In Act III, Scene iv (lines 178-79) of Shakespeare’s Hamlet, the play’s eponymous hero, Hamlet, turns to his mother and says: “I must be cruel only to be kind./This bad begins and worse remains behind.” The fact that the line, “cruel to be kind” (which expresses an ancient idea, incidentally), occurs in the midst of a scene in which Hamlet is berating his mother for betraying the memory of her dead husband—Hamlet believes she is an adulterer and is guilty of incest as well—is significant. In the vernacular, “cruel to be kind” typically means that one must inflict pain on another for his or her own good—that is, the harsher the medicine, the better to effect the cure. “Cruel to be kind” is a standard sort of psychological strategy used by parents on children, which is what makes Shakespeare’s use of it all the more audacious, as in this case it is a child (son) speaking to a parent (mother). What’s more, it’s a child speaking to a parent about her sexual behavior.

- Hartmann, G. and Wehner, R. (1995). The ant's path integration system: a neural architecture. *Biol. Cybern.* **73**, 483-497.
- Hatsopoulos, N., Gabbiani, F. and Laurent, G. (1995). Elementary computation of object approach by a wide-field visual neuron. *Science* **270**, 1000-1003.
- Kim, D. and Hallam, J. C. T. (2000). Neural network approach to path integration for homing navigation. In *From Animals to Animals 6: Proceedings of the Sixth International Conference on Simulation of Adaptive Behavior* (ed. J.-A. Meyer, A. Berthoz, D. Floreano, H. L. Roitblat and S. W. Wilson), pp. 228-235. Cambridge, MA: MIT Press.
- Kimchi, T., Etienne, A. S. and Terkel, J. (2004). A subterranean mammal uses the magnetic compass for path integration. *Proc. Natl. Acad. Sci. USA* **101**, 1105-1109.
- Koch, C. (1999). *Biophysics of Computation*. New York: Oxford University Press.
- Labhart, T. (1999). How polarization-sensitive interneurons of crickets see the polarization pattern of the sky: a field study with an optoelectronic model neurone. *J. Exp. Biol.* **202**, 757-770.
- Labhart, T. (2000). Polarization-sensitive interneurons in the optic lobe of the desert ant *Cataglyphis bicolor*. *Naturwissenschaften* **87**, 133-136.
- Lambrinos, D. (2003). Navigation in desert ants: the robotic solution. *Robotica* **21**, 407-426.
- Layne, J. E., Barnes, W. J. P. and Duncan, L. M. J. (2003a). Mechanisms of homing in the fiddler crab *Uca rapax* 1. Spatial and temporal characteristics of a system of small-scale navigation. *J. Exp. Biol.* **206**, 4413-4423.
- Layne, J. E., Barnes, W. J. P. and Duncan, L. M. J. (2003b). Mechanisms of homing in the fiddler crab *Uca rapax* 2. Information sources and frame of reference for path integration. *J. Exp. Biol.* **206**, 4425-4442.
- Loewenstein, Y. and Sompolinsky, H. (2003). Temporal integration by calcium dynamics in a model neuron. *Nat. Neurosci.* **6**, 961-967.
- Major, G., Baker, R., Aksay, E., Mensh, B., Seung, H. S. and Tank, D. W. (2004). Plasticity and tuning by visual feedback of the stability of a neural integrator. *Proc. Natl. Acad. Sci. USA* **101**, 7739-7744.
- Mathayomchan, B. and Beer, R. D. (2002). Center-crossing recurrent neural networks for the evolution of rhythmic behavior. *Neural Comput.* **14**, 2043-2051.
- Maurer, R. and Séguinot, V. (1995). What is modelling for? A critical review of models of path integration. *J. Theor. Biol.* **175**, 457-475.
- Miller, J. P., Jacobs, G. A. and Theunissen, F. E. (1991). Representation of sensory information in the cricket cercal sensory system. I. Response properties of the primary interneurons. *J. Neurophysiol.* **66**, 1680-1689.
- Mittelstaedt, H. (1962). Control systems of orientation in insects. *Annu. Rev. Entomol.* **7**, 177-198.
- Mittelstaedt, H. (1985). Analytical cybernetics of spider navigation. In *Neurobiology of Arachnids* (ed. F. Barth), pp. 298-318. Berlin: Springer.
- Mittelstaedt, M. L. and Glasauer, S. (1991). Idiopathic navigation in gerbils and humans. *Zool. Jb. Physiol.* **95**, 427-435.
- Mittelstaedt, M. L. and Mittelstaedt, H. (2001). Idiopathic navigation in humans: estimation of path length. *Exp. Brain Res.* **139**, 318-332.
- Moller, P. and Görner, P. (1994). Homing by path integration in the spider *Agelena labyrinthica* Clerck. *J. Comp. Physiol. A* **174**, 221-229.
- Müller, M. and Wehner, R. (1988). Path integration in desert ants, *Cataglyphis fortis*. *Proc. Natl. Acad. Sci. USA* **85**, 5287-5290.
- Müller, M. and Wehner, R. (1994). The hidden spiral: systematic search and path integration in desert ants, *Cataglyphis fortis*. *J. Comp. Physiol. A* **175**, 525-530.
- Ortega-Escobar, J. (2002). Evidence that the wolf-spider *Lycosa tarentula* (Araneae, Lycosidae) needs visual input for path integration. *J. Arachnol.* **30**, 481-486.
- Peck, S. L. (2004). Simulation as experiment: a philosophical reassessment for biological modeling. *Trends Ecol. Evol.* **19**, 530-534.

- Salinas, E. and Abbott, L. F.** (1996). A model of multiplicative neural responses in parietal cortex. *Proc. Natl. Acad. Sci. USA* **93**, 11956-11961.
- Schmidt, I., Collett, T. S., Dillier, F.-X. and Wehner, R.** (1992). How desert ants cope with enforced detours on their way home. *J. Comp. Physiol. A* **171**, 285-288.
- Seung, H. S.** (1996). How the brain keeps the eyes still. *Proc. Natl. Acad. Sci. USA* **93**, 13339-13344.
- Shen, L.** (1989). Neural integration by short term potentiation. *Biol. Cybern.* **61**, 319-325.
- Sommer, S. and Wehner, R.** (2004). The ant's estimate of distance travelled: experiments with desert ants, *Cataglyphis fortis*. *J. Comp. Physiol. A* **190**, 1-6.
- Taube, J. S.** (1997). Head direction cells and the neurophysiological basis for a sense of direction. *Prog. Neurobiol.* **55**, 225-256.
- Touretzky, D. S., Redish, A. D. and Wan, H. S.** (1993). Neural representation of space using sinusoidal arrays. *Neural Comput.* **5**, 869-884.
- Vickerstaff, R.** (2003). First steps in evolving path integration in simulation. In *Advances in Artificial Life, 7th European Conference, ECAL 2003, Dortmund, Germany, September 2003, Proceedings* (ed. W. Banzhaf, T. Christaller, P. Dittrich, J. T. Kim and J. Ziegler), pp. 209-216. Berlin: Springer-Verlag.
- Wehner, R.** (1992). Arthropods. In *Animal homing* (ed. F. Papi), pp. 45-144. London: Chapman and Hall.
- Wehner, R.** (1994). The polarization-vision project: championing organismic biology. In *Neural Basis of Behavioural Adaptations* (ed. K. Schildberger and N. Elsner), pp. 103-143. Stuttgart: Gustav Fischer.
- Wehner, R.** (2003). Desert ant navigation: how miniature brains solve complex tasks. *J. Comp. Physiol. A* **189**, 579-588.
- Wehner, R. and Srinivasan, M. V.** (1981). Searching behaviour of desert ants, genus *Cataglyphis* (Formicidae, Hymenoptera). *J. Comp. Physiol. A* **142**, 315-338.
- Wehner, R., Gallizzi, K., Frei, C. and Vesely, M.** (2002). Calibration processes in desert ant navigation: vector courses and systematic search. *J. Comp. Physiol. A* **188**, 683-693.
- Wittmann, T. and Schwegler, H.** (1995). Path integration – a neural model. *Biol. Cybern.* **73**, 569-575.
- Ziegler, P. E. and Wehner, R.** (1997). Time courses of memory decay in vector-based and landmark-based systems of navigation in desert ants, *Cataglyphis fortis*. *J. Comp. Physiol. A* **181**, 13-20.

The euphemistic version of “cruel to be kind” is most often expressed in the form, “this is going to hurt me a lot worse than it hurts you,” which reveals the masochism underlying the expression. And masochism, as Gilles Deleuze has pointed out (in Masochism: An Interpretation of Coldness and Cruelty, English translation 1971), operates by explicit or implicit contract, that is, the role for each participant is determined beforehand, prior to the enactment of dominance and debasement.